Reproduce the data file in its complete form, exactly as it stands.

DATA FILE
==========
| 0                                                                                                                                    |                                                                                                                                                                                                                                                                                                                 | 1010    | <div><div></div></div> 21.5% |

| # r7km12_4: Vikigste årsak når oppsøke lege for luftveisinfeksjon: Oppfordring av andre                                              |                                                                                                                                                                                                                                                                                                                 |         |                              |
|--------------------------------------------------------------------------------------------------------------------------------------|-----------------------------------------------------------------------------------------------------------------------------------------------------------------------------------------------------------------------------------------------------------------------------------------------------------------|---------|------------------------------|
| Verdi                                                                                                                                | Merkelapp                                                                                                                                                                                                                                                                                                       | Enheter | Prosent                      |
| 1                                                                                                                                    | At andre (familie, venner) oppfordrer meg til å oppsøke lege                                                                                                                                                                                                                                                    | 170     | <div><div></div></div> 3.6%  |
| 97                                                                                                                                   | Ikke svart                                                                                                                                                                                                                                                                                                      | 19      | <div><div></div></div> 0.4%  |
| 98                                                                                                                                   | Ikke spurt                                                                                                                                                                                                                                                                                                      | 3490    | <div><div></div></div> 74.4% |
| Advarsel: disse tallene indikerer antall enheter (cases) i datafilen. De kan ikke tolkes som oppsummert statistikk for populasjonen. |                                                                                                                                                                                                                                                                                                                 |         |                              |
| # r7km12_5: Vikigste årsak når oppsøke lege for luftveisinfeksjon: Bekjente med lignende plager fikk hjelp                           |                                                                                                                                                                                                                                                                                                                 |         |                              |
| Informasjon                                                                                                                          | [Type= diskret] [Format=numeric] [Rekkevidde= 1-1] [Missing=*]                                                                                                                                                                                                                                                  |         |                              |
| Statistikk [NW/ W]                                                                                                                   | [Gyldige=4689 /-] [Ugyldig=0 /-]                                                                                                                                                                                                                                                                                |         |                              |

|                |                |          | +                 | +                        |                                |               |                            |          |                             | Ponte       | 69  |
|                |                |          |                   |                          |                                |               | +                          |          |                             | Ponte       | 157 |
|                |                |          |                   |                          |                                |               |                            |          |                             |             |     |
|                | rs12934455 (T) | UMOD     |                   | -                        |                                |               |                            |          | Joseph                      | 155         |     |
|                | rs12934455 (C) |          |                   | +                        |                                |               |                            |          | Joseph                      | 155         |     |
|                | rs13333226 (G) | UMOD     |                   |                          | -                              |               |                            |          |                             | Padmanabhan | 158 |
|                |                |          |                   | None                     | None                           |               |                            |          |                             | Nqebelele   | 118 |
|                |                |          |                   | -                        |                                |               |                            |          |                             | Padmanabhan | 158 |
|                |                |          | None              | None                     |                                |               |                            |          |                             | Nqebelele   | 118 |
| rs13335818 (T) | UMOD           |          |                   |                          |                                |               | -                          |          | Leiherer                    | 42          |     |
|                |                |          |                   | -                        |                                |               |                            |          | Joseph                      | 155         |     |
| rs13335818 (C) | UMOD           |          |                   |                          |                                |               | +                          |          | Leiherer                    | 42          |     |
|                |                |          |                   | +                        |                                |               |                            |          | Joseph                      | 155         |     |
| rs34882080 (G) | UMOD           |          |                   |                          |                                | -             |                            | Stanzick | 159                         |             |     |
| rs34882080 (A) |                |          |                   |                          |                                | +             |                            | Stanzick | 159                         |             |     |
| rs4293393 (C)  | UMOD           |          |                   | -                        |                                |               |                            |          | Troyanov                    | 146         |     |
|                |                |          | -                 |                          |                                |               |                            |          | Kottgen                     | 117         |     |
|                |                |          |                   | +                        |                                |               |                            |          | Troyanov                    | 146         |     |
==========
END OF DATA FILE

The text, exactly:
| 0                                                                                                                                    |                                                                                                                                                                                                                                                                                                                 | 1010    | <div><div></div></div> 21.5% |

| # r7km12_4: Vikigste årsak når oppsøke lege for luftveisinfeksjon: Oppfordring av andre                                              |                                                                                                                                                                                                                                                                                                                 |         |                              |
|--------------------------------------------------------------------------------------------------------------------------------------|-----------------------------------------------------------------------------------------------------------------------------------------------------------------------------------------------------------------------------------------------------------------------------------------------------------------|---------|------------------------------|
| Verdi                                                                                                                                | Merkelapp                                                                                                                                                                                                                                                                                                       | Enheter | Prosent                      |
| 1                                                                                                                                    | At andre (familie, venner) oppfordrer meg til å oppsøke lege                                                                                                                                                                                                                                                    | 170     | <div><div></div></div> 3.6%  |
| 97                                                                                                                                   | Ikke svart                                                                                                                                                                                                                                                                                                      | 19      | <div><div></div></div> 0.4%  |
| 98                                                                                                                                   | Ikke spurt                                                                                                                                                                                                                                                                                                      | 3490    | <div><div></div></div> 74.4% |
| Advarsel: disse tallene indikerer antall enheter (cases) i datafilen. De kan ikke tolkes som oppsummert statistikk for populasjonen. |                                                                                                                                                                                                                                                                                                                 |         |                              |
| # r7km12_5: Vikigste årsak når oppsøke lege for luftveisinfeksjon: Bekjente med lignende plager fikk hjelp                           |                                                                                                                                                                                                                                                                                                                 |         |                              |
| Informasjon                                                                                                                          | [Type= diskret] [Format=numeric] [Rekkevidde= 1-1] [Missing=*]                                                                                                                                                                                                                                                  |         |                              |
| Statistikk [NW/ W]                                                                                                                   | [Gyldige=4689 /-] [Ugyldig=0 /-]                                                                                                                                                                                                                                                                                |         |                              |

|                |                |          | +                 | +                        |                                |               |                            |          |                             | Ponte       | 69  |
|                |                |          |                   |                          |                                |               | +                          |          |                             | Ponte       | 157 |
|                |                |          |                   |                          |                                |               |                            |          |                             |             |     |
|                | rs12934455 (T) | UMOD     |                   | -                        |                                |               |                            |          | Joseph                      | 155         |     |
|                | rs12934455 (C) |          |                   | +                        |                                |               |                            |          | Joseph                      | 155         |     |
|                | rs13333226 (G) | UMOD     |                   |                          | -                              |               |                            |          |                             | Padmanabhan | 158 |
|                |                |          |                   | None                     | None                           |               |                            |          |                             | Nqebelele   | 118 |
|                |                |          |                   | -                        |                                |               |                            |          |                             | Padmanabhan | 158 |
|                |                |          | None              | None                     |                                |               |                            |          |                             | Nqebelele   | 118 |
| rs13335818 (T) | UMOD           |          |                   |                          |                                |               | -                          |          | Leiherer                    | 42          |     |
|                |                |          |                   | -                        |                                |               |                            |          | Joseph                      | 155         |     |
| rs13335818 (C) | UMOD           |          |                   |                          |                                |               | +                          |          | Leiherer                    | 42          |     |
|                |                |          |                   | +                        |                                |               |                            |          | Joseph                      | 155         |     |
| rs34882080 (G) | UMOD           |          |                   |                          |                                | -             |                            | Stanzick | 159                         |             |     |
| rs34882080 (A) |                |          |                   |                          |                                | +             |                            | Stanzick | 159                         |             |     |
| rs4293393 (C)  | UMOD           |          |                   | -                        |                                |               |                            |          | Troyanov                    | 146         |     |
|                |                |          | -                 |                          |                                |               |                            |          | Kottgen                     | 117         |     |
|                |                |          |                   | +                        |                                |               |                            |          | Troyanov                    | 146         |     |